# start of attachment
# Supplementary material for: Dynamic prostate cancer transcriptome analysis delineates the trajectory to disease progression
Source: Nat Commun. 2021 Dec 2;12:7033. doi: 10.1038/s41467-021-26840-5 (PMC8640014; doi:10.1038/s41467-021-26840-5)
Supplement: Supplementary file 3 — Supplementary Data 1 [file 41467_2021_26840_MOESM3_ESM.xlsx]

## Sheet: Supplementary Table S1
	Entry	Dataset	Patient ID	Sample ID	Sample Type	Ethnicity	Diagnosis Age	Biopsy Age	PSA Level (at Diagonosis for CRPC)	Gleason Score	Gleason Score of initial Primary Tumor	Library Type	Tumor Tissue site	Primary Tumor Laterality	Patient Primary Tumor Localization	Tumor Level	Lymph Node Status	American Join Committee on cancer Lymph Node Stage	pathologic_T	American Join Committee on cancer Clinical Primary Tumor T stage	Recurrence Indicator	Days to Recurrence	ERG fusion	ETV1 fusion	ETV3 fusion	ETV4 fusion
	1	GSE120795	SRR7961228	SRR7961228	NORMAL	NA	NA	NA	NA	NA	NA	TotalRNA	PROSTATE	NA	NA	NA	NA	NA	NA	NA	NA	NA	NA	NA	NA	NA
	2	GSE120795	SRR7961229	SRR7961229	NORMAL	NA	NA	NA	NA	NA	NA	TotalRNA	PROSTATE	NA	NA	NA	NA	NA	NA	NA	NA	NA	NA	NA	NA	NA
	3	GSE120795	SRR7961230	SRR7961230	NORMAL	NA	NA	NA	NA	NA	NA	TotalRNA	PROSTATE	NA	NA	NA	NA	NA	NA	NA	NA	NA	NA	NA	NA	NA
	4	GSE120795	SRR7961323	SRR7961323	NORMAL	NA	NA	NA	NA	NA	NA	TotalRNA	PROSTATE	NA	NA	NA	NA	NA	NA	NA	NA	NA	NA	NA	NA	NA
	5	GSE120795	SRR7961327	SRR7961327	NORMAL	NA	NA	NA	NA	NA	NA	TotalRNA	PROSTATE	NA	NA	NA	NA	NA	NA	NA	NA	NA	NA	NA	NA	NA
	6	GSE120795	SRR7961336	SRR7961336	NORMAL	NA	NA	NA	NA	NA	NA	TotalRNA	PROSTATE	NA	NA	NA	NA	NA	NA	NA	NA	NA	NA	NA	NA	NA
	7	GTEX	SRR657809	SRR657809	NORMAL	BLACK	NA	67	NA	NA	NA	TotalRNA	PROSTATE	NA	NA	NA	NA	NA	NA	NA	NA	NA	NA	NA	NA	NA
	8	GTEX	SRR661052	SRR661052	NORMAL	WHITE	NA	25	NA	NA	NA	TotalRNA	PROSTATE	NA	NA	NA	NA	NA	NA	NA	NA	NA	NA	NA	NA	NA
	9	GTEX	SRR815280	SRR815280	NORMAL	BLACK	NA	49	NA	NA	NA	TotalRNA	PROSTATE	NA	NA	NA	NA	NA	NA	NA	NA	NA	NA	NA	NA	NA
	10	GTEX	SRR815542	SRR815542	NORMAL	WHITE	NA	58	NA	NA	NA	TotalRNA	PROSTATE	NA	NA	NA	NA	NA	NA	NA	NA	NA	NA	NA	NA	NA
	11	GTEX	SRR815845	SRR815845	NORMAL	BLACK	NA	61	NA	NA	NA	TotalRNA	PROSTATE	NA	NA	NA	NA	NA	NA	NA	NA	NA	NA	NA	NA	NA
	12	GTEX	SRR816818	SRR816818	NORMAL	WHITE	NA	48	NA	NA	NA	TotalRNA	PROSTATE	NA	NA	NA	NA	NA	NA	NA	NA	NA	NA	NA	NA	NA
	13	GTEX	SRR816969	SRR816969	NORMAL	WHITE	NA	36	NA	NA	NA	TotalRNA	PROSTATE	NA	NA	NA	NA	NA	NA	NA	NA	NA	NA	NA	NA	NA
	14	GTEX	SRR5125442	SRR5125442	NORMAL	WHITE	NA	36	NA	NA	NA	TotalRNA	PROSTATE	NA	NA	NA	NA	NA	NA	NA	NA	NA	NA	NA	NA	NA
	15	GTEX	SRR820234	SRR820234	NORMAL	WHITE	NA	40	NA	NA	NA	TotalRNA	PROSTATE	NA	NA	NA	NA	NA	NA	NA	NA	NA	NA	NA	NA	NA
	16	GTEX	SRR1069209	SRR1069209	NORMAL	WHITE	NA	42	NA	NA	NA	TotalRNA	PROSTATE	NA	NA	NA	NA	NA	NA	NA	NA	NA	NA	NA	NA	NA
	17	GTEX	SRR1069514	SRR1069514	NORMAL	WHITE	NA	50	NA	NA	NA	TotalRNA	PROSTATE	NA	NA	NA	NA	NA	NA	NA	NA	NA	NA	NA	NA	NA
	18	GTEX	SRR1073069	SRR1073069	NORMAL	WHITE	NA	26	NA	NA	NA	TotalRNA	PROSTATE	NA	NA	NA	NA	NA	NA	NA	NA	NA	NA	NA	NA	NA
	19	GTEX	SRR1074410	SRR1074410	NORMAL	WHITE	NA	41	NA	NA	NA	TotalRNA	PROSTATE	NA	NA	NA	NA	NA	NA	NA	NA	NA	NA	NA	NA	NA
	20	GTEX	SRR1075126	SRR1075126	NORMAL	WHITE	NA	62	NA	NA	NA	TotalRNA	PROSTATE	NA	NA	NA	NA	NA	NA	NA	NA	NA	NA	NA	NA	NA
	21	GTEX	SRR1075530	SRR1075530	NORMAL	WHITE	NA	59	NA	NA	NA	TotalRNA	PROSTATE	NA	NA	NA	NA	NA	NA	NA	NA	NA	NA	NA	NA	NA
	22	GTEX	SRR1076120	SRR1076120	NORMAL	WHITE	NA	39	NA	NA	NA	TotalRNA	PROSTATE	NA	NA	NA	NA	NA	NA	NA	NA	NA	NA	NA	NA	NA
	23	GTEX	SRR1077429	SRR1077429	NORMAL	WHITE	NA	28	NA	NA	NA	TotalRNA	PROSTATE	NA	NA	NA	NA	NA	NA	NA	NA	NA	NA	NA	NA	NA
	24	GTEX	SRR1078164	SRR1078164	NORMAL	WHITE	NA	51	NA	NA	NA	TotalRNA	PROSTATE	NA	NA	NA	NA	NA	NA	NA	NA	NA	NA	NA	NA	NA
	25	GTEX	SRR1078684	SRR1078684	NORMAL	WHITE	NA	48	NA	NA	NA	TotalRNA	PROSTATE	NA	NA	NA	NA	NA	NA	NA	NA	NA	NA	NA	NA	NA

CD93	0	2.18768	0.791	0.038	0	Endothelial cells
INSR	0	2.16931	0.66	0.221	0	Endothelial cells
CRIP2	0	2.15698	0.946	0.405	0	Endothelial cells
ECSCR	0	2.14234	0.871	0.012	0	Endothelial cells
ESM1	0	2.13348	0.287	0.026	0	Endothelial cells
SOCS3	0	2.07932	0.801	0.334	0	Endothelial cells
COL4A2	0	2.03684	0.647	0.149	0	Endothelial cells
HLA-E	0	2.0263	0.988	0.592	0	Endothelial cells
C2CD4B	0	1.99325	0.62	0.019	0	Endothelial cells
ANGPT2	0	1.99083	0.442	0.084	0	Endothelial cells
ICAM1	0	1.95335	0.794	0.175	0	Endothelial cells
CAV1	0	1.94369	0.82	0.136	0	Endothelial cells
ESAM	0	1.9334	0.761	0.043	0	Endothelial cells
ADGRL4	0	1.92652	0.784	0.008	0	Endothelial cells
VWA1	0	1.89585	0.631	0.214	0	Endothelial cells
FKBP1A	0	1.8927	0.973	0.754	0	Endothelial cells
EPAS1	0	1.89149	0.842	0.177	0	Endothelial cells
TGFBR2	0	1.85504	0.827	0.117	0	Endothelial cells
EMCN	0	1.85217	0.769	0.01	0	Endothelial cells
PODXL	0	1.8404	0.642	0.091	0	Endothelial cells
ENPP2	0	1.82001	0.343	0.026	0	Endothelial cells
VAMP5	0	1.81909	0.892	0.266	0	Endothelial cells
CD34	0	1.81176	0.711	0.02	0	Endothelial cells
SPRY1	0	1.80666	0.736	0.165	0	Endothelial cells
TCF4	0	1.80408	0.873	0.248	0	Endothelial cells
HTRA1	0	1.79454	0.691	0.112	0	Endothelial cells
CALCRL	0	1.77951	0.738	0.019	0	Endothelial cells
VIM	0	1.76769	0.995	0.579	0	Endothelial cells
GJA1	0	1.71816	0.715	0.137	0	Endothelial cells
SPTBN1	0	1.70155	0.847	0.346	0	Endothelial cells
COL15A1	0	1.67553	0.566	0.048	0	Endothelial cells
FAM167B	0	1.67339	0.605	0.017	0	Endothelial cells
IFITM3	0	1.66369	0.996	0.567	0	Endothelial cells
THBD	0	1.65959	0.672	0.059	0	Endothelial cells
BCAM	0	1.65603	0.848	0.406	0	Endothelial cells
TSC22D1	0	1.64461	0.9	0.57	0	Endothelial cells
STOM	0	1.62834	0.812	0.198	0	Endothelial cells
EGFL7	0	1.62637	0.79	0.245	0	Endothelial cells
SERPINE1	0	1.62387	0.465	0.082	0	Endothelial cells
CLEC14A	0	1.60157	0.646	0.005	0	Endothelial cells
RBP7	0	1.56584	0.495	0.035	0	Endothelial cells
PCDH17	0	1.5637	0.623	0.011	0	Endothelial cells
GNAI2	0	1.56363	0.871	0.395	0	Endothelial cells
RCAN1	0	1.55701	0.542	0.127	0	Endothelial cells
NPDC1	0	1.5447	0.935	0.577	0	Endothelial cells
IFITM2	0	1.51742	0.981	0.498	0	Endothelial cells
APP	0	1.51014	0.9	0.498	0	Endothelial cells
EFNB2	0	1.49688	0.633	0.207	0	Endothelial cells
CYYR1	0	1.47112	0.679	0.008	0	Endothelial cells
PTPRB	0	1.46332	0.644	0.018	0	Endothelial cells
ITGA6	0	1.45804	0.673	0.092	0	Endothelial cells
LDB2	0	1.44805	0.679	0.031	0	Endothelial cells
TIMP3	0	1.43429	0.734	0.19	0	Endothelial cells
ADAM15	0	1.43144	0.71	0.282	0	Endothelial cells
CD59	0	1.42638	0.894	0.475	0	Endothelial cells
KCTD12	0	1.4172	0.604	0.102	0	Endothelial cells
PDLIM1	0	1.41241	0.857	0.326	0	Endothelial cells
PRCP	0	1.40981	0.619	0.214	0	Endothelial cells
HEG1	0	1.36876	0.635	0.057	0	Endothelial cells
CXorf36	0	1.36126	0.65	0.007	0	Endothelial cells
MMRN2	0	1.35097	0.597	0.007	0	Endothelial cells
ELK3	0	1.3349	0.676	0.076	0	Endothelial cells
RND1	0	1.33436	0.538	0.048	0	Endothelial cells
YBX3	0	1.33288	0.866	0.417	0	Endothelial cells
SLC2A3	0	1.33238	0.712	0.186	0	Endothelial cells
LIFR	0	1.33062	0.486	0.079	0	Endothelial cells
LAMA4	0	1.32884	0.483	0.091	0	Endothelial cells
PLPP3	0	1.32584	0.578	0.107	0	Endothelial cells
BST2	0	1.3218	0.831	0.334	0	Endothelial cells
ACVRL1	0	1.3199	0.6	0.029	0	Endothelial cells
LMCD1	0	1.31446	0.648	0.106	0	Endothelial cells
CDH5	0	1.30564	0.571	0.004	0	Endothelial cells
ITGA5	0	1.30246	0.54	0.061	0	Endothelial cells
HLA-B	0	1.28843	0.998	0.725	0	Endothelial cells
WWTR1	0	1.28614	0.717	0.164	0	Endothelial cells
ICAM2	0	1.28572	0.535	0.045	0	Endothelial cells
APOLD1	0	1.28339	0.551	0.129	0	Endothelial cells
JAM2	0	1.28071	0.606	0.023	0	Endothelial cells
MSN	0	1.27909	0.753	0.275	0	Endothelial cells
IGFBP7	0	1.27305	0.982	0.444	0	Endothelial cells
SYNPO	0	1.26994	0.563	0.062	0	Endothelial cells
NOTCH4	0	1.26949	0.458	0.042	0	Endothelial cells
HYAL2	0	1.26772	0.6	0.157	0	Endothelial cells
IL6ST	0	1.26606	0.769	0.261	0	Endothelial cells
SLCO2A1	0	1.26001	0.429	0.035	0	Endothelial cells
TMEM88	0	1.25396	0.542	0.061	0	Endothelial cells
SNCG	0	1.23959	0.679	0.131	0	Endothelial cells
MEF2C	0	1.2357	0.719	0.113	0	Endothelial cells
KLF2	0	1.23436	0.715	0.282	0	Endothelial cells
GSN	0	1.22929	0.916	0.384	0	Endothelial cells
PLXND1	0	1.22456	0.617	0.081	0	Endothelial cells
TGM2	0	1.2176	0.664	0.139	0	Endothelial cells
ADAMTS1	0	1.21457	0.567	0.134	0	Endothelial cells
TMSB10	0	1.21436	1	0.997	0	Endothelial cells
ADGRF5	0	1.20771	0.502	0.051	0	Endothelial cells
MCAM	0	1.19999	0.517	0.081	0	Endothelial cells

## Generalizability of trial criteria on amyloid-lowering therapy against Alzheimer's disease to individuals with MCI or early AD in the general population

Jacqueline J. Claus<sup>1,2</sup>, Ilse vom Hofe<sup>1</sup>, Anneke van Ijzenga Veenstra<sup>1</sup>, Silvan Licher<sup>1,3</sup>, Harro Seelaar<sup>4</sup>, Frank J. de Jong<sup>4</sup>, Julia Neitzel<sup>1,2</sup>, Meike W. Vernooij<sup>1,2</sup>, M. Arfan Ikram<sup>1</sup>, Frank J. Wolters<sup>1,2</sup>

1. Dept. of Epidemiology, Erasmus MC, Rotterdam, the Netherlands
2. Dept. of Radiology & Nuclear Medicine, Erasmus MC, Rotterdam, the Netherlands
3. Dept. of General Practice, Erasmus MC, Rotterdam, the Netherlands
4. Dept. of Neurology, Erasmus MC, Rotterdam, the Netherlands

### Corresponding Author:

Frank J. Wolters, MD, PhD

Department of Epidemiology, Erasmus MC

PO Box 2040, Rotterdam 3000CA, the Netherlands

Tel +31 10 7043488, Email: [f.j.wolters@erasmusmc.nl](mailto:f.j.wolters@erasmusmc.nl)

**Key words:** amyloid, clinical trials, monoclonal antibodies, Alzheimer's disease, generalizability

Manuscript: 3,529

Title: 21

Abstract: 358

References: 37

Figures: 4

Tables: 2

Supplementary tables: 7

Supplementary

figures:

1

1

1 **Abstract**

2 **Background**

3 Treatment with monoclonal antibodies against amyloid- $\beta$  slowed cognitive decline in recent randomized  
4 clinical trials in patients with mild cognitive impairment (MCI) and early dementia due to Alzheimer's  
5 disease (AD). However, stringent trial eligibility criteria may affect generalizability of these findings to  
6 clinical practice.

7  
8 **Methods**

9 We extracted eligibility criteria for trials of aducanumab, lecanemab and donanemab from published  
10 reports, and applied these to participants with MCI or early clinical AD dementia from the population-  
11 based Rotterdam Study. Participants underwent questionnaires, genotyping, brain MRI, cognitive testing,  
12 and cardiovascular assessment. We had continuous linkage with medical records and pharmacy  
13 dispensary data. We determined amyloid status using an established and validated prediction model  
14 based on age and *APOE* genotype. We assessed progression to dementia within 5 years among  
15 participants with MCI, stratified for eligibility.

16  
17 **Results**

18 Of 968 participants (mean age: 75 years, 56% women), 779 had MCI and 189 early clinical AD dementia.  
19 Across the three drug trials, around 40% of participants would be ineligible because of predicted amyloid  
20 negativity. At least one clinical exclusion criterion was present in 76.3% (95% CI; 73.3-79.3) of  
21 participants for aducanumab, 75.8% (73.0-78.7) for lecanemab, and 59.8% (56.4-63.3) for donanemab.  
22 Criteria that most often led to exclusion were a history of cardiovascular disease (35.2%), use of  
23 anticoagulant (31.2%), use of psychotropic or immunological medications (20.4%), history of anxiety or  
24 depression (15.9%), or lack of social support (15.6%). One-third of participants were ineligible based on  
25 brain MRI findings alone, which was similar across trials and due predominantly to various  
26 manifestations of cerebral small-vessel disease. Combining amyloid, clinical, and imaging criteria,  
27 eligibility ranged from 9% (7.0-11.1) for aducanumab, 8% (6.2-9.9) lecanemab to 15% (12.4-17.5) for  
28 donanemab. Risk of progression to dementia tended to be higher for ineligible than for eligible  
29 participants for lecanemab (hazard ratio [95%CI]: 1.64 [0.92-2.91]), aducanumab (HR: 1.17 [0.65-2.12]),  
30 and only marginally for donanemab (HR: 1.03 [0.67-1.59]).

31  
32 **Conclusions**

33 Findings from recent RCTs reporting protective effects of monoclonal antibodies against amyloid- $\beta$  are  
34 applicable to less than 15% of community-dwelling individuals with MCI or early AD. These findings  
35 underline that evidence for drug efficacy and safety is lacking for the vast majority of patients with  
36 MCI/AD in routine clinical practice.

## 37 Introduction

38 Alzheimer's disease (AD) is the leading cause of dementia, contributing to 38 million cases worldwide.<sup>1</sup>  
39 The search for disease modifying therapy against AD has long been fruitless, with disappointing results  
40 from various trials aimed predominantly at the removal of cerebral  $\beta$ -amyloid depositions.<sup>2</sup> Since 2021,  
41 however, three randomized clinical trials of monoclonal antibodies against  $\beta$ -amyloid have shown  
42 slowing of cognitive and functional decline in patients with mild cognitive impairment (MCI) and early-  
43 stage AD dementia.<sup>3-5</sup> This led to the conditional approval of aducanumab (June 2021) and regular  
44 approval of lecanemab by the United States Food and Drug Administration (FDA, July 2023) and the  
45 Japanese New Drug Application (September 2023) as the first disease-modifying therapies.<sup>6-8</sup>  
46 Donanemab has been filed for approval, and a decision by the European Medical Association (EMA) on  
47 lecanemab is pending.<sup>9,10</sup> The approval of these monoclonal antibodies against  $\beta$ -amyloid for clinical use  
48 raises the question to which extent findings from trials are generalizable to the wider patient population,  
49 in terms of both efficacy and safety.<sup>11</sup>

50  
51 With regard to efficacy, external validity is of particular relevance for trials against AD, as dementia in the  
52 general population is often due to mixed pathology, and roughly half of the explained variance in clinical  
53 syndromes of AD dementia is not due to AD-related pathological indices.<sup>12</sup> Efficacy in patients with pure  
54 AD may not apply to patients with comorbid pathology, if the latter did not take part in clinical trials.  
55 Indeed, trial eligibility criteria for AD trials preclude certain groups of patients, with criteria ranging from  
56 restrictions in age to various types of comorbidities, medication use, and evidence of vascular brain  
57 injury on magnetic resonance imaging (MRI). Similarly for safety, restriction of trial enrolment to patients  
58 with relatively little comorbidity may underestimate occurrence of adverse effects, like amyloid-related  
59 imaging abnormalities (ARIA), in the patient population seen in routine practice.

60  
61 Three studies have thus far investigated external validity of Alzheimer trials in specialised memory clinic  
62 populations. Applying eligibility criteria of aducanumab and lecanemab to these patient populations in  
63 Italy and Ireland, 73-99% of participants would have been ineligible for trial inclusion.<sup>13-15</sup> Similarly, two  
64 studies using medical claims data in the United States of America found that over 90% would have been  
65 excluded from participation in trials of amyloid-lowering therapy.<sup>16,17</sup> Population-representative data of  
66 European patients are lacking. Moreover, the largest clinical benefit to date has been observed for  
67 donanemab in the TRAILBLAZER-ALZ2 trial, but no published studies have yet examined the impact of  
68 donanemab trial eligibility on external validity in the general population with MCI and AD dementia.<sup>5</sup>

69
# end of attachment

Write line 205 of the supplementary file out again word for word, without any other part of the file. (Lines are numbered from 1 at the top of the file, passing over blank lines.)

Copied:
56 restrictions in age to various types of comorbidities, medication use, and evidence of vascular brain  